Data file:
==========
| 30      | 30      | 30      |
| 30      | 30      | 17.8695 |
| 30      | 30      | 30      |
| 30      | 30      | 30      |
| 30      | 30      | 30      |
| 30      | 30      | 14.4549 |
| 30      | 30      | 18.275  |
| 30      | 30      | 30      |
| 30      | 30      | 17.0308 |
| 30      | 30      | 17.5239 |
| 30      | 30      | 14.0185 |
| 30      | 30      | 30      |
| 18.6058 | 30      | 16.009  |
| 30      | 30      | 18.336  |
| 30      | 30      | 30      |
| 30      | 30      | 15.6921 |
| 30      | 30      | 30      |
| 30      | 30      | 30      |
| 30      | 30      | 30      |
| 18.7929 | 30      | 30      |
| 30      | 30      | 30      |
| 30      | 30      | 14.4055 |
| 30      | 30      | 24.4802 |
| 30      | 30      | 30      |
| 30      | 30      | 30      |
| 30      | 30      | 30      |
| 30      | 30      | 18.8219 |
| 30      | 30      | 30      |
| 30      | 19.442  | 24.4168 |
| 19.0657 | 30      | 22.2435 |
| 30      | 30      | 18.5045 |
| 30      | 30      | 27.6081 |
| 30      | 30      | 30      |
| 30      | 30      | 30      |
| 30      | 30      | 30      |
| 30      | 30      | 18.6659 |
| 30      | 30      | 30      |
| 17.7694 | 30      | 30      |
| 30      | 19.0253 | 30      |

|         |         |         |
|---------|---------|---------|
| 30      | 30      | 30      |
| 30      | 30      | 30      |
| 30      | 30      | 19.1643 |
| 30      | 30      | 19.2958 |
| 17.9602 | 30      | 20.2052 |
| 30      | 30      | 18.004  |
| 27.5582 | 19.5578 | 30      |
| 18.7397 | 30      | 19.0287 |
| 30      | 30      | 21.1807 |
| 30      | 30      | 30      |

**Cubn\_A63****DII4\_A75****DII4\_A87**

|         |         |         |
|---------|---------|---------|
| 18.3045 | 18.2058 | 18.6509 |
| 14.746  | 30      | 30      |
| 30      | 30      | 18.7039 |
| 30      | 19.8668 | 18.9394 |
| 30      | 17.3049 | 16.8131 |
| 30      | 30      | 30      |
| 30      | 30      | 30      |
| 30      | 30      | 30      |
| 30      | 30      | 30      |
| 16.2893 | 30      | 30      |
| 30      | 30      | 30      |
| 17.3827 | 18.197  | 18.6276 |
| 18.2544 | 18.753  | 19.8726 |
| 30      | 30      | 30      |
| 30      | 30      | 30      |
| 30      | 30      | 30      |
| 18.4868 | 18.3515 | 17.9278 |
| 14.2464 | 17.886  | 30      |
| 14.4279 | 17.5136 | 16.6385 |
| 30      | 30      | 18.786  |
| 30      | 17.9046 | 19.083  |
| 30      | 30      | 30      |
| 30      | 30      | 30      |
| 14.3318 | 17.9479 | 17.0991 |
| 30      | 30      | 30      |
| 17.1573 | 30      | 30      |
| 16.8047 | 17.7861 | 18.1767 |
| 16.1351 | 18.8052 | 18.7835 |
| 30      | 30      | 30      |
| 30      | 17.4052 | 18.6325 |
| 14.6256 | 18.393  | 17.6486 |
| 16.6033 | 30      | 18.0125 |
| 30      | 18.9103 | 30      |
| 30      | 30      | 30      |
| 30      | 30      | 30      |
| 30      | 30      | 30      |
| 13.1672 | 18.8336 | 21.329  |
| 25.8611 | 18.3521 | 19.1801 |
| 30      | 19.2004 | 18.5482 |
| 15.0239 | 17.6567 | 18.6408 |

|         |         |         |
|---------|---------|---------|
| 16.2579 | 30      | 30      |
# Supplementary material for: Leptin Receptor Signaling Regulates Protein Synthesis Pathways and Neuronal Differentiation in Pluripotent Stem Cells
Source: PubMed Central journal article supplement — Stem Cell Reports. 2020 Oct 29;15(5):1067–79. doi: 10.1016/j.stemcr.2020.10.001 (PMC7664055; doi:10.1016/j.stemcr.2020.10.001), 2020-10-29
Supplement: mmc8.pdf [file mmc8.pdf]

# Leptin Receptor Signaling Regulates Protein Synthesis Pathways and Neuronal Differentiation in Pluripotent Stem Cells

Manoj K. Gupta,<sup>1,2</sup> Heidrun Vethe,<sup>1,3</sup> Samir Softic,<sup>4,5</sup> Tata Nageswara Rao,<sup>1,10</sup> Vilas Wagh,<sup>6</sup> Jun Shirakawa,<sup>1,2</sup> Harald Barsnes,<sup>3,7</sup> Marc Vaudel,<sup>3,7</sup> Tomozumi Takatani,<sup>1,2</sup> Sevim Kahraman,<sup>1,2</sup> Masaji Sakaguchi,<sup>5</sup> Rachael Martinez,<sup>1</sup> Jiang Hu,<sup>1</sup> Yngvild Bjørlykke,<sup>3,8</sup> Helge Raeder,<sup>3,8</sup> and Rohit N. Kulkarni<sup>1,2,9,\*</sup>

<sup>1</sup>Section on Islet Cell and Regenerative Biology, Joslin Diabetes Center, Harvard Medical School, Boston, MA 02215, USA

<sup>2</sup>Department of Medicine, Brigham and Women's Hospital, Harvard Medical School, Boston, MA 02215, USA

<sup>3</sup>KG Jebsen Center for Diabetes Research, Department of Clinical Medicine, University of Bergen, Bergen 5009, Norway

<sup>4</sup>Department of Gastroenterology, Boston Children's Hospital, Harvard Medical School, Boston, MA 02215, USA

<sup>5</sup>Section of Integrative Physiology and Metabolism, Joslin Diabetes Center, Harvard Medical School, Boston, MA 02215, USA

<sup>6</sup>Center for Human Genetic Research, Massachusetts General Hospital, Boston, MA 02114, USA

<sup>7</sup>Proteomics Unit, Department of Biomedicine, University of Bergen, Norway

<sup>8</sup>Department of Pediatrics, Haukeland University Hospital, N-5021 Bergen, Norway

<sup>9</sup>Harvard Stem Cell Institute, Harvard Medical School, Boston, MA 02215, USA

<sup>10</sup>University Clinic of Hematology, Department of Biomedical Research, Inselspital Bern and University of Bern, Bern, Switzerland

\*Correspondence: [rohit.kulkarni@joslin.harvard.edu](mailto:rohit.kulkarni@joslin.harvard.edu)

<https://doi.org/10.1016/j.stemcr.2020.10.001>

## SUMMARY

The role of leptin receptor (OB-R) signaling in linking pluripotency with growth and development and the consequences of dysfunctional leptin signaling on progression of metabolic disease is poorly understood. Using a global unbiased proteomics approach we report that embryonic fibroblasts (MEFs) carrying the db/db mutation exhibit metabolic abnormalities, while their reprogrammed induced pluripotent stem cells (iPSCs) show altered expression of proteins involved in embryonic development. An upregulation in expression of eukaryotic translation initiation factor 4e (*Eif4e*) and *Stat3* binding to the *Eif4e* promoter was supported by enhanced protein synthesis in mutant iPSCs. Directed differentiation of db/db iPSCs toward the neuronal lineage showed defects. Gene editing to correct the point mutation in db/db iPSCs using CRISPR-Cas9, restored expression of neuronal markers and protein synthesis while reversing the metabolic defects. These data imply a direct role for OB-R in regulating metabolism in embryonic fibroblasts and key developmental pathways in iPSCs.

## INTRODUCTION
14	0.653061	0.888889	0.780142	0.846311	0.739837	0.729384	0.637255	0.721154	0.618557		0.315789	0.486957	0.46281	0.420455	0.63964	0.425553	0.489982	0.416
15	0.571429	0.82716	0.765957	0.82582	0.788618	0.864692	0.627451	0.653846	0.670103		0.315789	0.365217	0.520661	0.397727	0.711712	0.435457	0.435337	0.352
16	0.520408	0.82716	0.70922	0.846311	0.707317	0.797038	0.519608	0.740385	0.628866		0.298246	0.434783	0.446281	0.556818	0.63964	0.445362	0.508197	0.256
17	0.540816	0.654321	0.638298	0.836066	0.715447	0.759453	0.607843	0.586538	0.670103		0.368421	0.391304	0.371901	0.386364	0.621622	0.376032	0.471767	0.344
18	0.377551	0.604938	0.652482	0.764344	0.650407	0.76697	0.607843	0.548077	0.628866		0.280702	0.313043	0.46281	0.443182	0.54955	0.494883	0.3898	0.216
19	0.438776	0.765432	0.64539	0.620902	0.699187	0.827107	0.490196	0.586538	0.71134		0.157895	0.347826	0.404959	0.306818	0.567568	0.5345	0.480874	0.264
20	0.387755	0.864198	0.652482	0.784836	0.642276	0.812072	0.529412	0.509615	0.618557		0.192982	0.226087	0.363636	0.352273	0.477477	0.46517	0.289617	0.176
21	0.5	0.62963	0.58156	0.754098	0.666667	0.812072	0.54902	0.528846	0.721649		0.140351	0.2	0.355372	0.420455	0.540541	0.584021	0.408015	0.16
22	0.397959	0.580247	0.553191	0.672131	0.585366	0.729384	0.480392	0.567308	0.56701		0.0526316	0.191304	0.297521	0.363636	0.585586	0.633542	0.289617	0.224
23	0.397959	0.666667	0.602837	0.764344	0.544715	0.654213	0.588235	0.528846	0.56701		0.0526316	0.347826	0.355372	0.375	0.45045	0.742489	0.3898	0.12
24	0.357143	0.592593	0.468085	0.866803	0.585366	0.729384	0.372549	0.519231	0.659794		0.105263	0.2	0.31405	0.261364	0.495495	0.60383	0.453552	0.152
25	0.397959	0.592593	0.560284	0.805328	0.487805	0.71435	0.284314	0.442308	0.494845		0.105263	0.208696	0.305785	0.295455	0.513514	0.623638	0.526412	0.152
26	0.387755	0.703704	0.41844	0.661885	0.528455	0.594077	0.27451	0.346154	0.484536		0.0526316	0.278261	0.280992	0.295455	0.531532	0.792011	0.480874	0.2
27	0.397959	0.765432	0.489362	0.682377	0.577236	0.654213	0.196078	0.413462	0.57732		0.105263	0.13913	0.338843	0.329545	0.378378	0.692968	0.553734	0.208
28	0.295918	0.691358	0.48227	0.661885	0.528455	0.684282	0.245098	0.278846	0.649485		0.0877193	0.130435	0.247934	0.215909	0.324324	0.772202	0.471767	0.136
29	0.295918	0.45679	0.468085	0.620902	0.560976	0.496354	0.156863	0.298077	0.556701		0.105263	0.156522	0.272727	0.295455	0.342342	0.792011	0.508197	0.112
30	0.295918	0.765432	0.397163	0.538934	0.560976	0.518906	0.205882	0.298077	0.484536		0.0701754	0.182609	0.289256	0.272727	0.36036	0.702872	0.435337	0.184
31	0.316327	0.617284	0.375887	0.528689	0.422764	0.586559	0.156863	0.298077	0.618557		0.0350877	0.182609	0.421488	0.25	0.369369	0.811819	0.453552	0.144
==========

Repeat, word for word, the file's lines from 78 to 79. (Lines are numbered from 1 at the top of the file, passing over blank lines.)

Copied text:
| 14.3318 | 17.9479 | 17.0991 |
| 30      | 30      | 30      |